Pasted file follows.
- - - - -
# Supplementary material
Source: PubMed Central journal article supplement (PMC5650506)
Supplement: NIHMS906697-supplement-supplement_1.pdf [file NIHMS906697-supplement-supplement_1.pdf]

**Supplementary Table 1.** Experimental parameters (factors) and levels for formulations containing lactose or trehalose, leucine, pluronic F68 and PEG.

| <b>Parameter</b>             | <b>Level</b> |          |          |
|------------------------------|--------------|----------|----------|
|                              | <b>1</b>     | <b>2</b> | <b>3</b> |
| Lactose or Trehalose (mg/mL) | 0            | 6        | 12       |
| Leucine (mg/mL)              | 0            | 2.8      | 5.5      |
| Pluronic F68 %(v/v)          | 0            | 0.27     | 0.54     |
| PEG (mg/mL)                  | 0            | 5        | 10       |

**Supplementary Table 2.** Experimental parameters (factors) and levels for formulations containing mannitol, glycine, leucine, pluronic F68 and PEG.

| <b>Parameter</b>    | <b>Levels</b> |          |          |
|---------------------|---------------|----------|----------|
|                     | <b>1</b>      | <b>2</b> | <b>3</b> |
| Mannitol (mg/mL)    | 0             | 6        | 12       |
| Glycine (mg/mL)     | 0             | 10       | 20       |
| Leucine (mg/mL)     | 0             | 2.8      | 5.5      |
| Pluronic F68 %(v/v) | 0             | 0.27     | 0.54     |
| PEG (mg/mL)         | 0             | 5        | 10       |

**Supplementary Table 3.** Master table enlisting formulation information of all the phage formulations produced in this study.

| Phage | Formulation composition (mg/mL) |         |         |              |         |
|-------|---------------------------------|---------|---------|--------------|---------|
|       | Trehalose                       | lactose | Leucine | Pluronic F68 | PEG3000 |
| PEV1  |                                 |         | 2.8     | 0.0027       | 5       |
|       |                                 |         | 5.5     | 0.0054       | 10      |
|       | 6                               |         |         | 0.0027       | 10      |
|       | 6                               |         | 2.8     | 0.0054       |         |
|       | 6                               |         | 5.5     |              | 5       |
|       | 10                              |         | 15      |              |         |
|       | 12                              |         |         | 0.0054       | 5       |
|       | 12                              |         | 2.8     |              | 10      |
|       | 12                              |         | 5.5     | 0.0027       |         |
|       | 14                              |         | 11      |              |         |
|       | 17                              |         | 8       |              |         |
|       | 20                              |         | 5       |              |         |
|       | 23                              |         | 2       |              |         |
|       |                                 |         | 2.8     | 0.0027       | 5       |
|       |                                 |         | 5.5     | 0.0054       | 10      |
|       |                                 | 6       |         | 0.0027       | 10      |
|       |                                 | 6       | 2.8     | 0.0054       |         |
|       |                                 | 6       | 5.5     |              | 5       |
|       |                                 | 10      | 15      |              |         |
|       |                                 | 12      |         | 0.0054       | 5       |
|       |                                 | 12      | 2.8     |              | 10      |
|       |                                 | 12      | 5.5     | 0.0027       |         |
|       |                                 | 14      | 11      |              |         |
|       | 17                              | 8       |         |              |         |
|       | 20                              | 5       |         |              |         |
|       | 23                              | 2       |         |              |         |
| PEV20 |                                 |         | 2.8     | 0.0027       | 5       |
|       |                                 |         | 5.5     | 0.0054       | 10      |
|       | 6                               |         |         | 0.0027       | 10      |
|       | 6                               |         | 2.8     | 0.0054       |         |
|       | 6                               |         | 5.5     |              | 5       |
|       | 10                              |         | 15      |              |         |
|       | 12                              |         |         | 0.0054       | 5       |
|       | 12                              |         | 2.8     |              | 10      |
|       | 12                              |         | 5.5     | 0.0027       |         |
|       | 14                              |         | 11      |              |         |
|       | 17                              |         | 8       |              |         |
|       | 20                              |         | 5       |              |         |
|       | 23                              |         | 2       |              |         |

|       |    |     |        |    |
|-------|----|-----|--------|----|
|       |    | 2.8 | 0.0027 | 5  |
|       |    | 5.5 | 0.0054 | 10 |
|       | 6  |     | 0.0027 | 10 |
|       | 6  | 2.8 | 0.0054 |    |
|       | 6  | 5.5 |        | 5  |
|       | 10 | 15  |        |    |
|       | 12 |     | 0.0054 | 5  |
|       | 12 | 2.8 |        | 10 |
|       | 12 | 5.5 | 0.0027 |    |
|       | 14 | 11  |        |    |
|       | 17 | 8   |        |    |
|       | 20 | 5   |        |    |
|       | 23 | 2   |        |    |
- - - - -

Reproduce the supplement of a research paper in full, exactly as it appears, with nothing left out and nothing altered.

# Supplementary material
Source: PubMed Central journal article supplement (PMC5650506)
Supplement: NIHMS906697-supplement-supplement_1.pdf [file NIHMS906697-supplement-supplement_1.pdf]

**Supplementary Table 1.** Experimental parameters (factors) and levels for formulations containing lactose or trehalose, leucine, pluronic F68 and PEG.

| <b>Parameter</b>             | <b>Level</b> |          |          |
|------------------------------|--------------|----------|----------|
|                              | <b>1</b>     | <b>2</b> | <b>3</b> |
| Lactose or Trehalose (mg/mL) | 0            | 6        | 12       |
| Leucine (mg/mL)              | 0            | 2.8      | 5.5      |
| Pluronic F68 %(v/v)          | 0            | 0.27     | 0.54     |
| PEG (mg/mL)                  | 0            | 5        | 10       |

**Supplementary Table 2.** Experimental parameters (factors) and levels for formulations containing mannitol, glycine, leucine, pluronic F68 and PEG.

| <b>Parameter</b>    | <b>Levels</b> |          |          |
|---------------------|---------------|----------|----------|
|                     | <b>1</b>      | <b>2</b> | <b>3</b> |
| Mannitol (mg/mL)    | 0             | 6        | 12       |
| Glycine (mg/mL)     | 0             | 10       | 20       |
| Leucine (mg/mL)     | 0             | 2.8      | 5.5      |
| Pluronic F68 %(v/v) | 0             | 0.27     | 0.54     |
| PEG (mg/mL)         | 0             | 5        | 10       |

**Supplementary Table 3.** Master table enlisting formulation information of all the phage formulations produced in this study.

| Phage | Formulation composition (mg/mL) |         |         |              |         |
|-------|---------------------------------|---------|---------|--------------|---------|
|       | Trehalose                       | lactose | Leucine | Pluronic F68 | PEG3000 |
| PEV1  |                                 |         | 2.8     | 0.0027       | 5       |
|       |                                 |         | 5.5     | 0.0054       | 10      |
|       | 6                               |         |         | 0.0027       | 10      |
|       | 6                               |         | 2.8     | 0.0054       |         |
|       | 6                               |         | 5.5     |              | 5       |
|       | 10                              |         | 15      |              |         |
|       | 12                              |         |         | 0.0054       | 5       |
|       | 12                              |         | 2.8     |              | 10      |
|       | 12                              |         | 5.5     | 0.0027       |         |
|       | 14                              |         | 11      |              |         |
|       | 17                              |         | 8       |              |         |
|       | 20                              |         | 5       |              |         |
|       | 23                              |         | 2       |              |         |
|       |                                 |         | 2.8     | 0.0027       | 5       |
|       |                                 |         | 5.5     | 0.0054       | 10      |
|       |                                 | 6       |         | 0.0027       | 10      |
|       |                                 | 6       | 2.8     | 0.0054       |         |
|       |                                 | 6       | 5.5     |              | 5       |
|       |                                 | 10      | 15      |              |         |
|       |                                 | 12      |         | 0.0054       | 5       |
|       |                                 | 12      | 2.8     |              | 10      |
|       |                                 | 12      | 5.5     | 0.0027       |         |
|       |                                 | 14      | 11      |              |         |
|       | 17                              | 8       |         |              |         |
|       | 20                              | 5       |         |              |         |
|       | 23                              | 2       |         |              |         |
| PEV20 |                                 |         | 2.8     | 0.0027       | 5       |
|       |                                 |         | 5.5     | 0.0054       | 10      |
|       | 6                               |         |         | 0.0027       | 10      |
|       | 6                               |         | 2.8     | 0.0054       |         |
|       | 6                               |         | 5.5     |              | 5       |
|       | 10                              |         | 15      |              |         |
|       | 12                              |         |         | 0.0054       | 5       |
|       | 12                              |         | 2.8     |              | 10      |
|       | 12                              |         | 5.5     | 0.0027       |         |
|       | 14                              |         | 11      |              |         |
|       | 17                              |         | 8       |              |         |
|       | 20                              |         | 5       |              |         |
|       | 23                              |         | 2       |              |         |

|       |    |     |        |    |
|-------|----|-----|--------|----|
|       |    | 2.8 | 0.0027 | 5  |
|       |    | 5.5 | 0.0054 | 10 |
|       | 6  |     | 0.0027 | 10 |
|       | 6  | 2.8 | 0.0054 |    |
|       | 6  | 5.5 |        | 5  |
|       | 10 | 15  |        |    |
|       | 12 |     | 0.0054 | 5  |
|       | 12 | 2.8 |        | 10 |
|       | 12 | 5.5 | 0.0027 |    |
|       | 14 | 11  |        |    |
|       | 17 | 8   |        |    |
|       | 20 | 5   |        |    |
|       | 23 | 2   |        |    |